(i) File Server - A network file server is a computer system used for the purpose of managing the file system, servicing the network printers, handling network communications, and other functions. A server may be dedicated in which case all of its processing power is allocated to network functions, or it may be non-dedicated which means that a part of the servers functions may be allocated as a workstation or DOS-based system. (ii) The network operating system - It is loaded into the server’s hard disk along with the system management tools and user utilities. When the system is restarted, NetWare boots and the server comes under its control. At this point, DOS or Windows is no longer valid on the network drive, since it is running the network operating system or NetWare; however most DOS/Windows programs can be run as normal. No processing is done on the server, and hence it is called a Passive Device. The choice of a dedicated or non-dedicated network server is basically a trade-off between the cost and performance, and operation of a network. 3.30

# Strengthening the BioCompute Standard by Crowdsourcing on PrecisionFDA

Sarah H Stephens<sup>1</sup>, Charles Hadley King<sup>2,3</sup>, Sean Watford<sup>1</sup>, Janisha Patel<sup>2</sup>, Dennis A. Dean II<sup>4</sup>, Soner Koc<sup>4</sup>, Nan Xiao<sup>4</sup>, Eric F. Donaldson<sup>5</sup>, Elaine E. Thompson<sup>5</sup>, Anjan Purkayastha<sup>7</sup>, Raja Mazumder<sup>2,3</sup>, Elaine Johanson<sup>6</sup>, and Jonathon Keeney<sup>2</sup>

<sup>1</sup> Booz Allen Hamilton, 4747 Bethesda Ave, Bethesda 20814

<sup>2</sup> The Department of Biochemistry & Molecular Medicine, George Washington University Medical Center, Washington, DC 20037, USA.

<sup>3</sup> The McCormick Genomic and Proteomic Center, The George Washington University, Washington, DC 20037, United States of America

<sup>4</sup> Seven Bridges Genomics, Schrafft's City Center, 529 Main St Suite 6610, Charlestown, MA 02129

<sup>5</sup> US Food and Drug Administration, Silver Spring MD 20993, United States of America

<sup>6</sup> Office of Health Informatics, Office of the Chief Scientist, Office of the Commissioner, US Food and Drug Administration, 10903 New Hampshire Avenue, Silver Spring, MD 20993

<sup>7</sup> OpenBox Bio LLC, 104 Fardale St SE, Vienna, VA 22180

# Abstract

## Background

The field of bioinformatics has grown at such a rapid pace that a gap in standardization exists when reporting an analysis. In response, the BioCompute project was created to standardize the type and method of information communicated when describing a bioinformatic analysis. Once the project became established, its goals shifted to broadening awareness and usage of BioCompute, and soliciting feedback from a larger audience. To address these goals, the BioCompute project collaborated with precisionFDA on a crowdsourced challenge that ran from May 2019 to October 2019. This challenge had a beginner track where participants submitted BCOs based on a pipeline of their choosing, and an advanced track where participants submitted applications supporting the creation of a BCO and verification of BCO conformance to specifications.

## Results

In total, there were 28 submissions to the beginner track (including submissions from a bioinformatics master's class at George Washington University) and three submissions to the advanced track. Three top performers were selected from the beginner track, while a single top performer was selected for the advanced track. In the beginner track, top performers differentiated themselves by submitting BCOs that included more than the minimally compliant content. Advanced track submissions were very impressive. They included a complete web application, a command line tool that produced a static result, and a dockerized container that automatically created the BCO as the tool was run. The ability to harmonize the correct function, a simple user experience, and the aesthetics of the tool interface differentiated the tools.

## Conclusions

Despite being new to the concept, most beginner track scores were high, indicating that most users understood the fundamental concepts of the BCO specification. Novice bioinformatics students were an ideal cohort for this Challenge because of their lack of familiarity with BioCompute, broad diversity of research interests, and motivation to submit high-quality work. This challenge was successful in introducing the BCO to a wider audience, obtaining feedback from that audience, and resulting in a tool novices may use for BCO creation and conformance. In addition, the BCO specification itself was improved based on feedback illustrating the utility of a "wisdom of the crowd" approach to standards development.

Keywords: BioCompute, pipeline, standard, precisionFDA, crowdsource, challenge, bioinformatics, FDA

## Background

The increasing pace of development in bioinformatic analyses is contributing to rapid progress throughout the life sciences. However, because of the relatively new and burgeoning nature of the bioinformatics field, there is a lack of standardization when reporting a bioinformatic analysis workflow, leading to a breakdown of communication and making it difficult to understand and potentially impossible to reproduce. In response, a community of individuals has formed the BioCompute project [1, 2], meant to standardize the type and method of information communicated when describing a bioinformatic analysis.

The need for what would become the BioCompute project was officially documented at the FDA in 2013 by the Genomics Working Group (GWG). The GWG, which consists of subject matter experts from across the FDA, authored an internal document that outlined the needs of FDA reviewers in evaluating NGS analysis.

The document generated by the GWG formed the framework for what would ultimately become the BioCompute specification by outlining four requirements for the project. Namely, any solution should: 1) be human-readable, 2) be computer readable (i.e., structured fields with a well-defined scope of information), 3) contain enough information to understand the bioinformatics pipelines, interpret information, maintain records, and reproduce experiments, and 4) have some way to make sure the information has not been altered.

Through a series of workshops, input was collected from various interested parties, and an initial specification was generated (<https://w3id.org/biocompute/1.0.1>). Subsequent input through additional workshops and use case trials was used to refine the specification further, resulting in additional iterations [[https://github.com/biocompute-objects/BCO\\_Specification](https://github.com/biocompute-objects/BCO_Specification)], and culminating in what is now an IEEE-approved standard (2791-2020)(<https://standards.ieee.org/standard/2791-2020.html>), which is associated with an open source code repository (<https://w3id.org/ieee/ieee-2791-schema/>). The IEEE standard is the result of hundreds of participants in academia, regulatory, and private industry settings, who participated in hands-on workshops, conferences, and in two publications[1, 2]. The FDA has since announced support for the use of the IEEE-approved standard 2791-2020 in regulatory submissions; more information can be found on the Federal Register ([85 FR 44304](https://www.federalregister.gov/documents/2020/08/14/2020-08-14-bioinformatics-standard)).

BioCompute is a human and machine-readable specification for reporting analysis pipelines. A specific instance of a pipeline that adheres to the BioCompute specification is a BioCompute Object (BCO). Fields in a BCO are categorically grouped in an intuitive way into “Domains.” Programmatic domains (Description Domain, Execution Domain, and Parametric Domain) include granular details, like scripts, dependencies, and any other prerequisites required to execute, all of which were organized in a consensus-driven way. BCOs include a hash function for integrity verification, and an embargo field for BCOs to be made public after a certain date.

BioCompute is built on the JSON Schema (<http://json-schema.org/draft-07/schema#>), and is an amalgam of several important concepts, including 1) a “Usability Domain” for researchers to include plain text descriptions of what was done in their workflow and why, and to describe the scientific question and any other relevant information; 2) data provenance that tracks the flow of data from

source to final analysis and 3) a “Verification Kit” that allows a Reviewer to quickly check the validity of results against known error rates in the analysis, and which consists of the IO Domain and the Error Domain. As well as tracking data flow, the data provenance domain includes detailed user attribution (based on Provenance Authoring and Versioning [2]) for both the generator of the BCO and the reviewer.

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The larger the network, the more important it becomes to have a high performance server. Larger amounts of RAM are required to support disk caches and printer queues (which are created due to sharing of same hard disk and printers by number of nodes on the network) The server should be matched with anticipated throughout as closely as possible. While most IBM systems are satisfactory for NetWare, a Pentium system is preferable for better overall performance of the network. (iii) Workstations - Workstations are attached to the server through the network interface card and the cabling. The dumb terminals used on mainframes and minicomputer systems are not supported on networks because they are not capable of processing on their own. Workstations are normally intelligent systems, such as the IBM PC. The concept of distributed processing relies on the fact that personal computers attached to the networks perform their own processing after loading programs and data from the server. Hence, a workstation is called an Active Device on the network. After processing, files are stored back on the server where they can be used by other workstations. The workstation can also be a diskless PC, wherein loading of operating system takes place from the file server. In short, a PC + a LAN card = a Workstation. (iv) Network interface card: As discussed earlier, every device connected to a LAN needs a Network interface card(NIC) to plug into the LAN. For example, a PC may have an Ethernet card installed in it to connect to an Ethernet LAN. (v) Network Cabling - Once the server, workstations and network interface cards are in place, network cabling is used to connect everything together. The most popular type of network cable is the shielded twisted-pair, co-axial and fibre optic cabling as discussed below. Please note that cables and cards chosen should match each other. (a) Twisted-Pair wiring - Twisted-pair wiring or cabling is the same type of cabling system which is used for home and office telephone system. It is inexpensive and easy to install. Technological improvements over the last few years have increased the capacity of twistedpair wires so that they can now handle data communications with speeds upto 10 mbps (million of bits per second) over limited distances. (b) Coaxial cable - It is a well established and long-used cabling system for terminals and computers. This cabling comes in a variety of sizes to suit different purposes. Coaxial cable is commonly used to connect computers and terminals in a local area such as an office, floor, building or campus. (c) Fiber Optic Cables - Many organisations are replacing the older, copper wire cables in their networks with fiber Optic cables. Fiber optic cables use light as the communications medium. To create the on-and-off bit code needed by computers, the light is rapidly turned on and off on the channel. Fiber optic channels are light weight, can handle many times the telephone conversation or volumes of data handled by copper wire cabling, and can be 3.31